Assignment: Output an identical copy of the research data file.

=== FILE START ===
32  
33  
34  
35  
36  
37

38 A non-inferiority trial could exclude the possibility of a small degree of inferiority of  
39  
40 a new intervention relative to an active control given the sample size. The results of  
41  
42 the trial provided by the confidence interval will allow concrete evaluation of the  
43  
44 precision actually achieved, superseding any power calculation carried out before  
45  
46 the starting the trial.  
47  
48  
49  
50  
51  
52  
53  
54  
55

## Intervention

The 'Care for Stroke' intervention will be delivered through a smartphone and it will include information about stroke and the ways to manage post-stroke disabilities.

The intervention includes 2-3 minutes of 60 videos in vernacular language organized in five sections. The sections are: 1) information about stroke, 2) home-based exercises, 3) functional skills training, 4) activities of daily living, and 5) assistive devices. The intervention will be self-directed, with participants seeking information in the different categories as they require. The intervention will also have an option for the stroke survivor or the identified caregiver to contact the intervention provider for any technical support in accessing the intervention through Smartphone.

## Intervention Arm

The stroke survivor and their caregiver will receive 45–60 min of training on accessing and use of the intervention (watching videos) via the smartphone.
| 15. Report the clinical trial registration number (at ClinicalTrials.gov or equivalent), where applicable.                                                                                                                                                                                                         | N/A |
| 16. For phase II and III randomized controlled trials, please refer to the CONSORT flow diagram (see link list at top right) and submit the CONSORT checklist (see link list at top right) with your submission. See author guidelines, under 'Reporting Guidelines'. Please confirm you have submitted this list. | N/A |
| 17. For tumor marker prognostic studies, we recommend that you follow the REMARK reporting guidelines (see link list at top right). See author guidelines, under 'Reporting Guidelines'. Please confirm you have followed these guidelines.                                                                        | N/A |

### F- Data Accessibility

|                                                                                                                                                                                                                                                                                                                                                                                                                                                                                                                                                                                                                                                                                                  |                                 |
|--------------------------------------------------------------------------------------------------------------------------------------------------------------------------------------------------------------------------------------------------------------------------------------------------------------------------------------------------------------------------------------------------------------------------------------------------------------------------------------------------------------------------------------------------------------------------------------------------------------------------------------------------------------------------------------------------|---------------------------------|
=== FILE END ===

32  
33  
34  
35  
36  
37

38 A non-inferiority trial could exclude the possibility of a small degree of inferiority of  
39  
40 a new intervention relative to an active control given the sample size. The results of  
41  
42 the trial provided by the confidence interval will allow concrete evaluation of the  
43  
44 precision actually achieved, superseding any power calculation carried out before  
45  
46 the starting the trial.  
47  
48  
49  
50  
51  
52  
53  
54  
55

## Intervention

The 'Care for Stroke' intervention will be delivered through a smartphone and it will include information about stroke and the ways to manage post-stroke disabilities.

The intervention includes 2-3 minutes of 60 videos in vernacular language organized in five sections. The sections are: 1) information about stroke, 2) home-based exercises, 3) functional skills training, 4) activities of daily living, and 5) assistive devices. The intervention will be self-directed, with participants seeking information in the different categories as they require. The intervention will also have an option for the stroke survivor or the identified caregiver to contact the intervention provider for any technical support in accessing the intervention through Smartphone.

## Intervention Arm

The stroke survivor and their caregiver will receive 45–60 min of training on accessing and use of the intervention (watching videos) via the smartphone.
| 15. Report the clinical trial registration number (at ClinicalTrials.gov or equivalent), where applicable.                                                                                                                                                                                                         | N/A |
| 16. For phase II and III randomized controlled trials, please refer to the CONSORT flow diagram (see link list at top right) and submit the CONSORT checklist (see link list at top right) with your submission. See author guidelines, under 'Reporting Guidelines'. Please confirm you have submitted this list. | N/A |
| 17. For tumor marker prognostic studies, we recommend that you follow the REMARK reporting guidelines (see link list at top right). See author guidelines, under 'Reporting Guidelines'. Please confirm you have followed these guidelines.                                                                        | N/A |

### F- Data Accessibility

|                                                                                                                                                                                                                                                                                                                                                                                                                                                                                                                                                                                                                                                                                                  |                                 |
|--------------------------------------------------------------------------------------------------------------------------------------------------------------------------------------------------------------------------------------------------------------------------------------------------------------------------------------------------------------------------------------------------------------------------------------------------------------------------------------------------------------------------------------------------------------------------------------------------------------------------------------------------------------------------------------------------|---------------------------------|